Lakhbir Singh, a 35-year-old man was found hanging with a chopped left hand to an inverted police barricade at the Haryana-Delhi Singhu border outside of Delhi on Friday morning. The incident sent shockwaves across the country. Hours later, Nihang Sikhs claimed responsibility for the assault, which brought the spotlight back on the group.
The Samyukta Kisan Morcha (SKM) then disassociated itself from the Nihangs. A statement issued by the SKM said: "A Nihang group at the scene has claimed responsibility, saying that the incident took place because of the victim's attempt to commit sacrilege with regard to the Sarbaloh Granth. It is been reported that he was staying with the same group of Nihangs for some time."
So, who are the Nihangs?
Here is a brief history of the group in five points.
- Nihangs are an order of Sikhs, and their ancestry can be traced back to the creation of Khalsa by Guru Gobind Singh in 1699.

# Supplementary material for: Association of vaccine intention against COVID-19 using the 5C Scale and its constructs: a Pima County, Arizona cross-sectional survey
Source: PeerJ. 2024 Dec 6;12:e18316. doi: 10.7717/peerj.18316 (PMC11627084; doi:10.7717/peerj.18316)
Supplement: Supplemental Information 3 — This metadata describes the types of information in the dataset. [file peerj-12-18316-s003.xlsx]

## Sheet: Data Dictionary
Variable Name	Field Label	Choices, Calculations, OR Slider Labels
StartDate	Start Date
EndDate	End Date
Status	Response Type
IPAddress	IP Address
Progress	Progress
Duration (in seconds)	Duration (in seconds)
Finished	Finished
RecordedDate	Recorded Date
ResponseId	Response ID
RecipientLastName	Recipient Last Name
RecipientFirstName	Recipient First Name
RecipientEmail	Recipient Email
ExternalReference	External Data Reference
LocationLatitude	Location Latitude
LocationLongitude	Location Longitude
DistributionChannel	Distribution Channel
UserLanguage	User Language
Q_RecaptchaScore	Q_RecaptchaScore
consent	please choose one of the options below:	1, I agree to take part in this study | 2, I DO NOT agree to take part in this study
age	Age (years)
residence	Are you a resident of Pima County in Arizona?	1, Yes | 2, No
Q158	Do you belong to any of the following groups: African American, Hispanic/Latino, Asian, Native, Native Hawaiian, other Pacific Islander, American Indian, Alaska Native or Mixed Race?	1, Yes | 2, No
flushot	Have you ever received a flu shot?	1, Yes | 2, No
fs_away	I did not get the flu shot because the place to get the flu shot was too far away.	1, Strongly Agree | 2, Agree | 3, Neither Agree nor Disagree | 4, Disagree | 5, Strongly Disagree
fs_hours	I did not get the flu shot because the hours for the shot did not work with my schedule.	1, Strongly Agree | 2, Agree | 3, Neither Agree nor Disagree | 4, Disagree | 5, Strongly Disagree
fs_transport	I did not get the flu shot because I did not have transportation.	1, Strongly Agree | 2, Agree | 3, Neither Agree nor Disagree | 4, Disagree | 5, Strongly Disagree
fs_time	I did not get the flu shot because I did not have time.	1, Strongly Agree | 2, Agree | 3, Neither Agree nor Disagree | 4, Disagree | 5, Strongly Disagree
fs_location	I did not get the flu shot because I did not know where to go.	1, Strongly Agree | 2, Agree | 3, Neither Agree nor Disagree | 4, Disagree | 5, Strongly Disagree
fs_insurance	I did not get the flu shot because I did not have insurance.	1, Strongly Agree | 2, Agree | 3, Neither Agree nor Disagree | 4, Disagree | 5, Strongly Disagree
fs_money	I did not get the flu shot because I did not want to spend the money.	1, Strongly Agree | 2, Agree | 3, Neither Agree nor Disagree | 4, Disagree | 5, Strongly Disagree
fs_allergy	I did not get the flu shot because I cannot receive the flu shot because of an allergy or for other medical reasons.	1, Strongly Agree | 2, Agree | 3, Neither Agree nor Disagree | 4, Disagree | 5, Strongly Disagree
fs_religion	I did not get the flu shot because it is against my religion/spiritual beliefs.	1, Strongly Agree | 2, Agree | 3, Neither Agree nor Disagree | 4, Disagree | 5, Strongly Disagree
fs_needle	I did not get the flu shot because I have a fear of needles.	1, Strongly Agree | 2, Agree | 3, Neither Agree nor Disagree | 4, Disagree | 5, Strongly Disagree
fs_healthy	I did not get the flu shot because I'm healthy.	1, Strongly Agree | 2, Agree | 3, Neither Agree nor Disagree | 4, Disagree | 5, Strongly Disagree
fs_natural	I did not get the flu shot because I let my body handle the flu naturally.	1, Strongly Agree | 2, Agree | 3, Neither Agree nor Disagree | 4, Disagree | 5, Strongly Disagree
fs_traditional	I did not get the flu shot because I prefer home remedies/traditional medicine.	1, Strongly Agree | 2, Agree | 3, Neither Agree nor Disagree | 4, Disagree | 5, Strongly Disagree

- Traditional Nihangs attires, also known as Khalsa Swarupa comprises of blue robes, full-sized swords, iron bracelets and saffron turbans.
- Nihangs battled Mughal incursions into the Sikh and Hindu communities in the 18th century.
- Many believe that the Nihangs consume marijuana or cannabis to help them concentrate better during meditation. However, this is prohibited by the Sikh community.
- Nihangs follow a cenobitic lifestyle. They live in communes, sometimes called chaavnis or cantonments
Not first time in the 'spotlight'
Lakhbir Singh is not the first victim. Last year in April, the Nihangs chopped off an officer’s hand and injured three other Punjab policemen after being stopped from violating the COVID-19 lockdown in Patiala district. This triggered a police operation in which shots were fired and 11 people arrested at a gurdwara.
Assistant Sub Inspector Harjeet Singh’s hand was cut off with a sword and three other policemen were injured when the group travelling in an SUV attacked them outside the wholesale vegetable market in Sanaur town.
ALSO READ | Singhu border murder: Nihang Sarabjit surrenders to police, to be produced before court tomorrow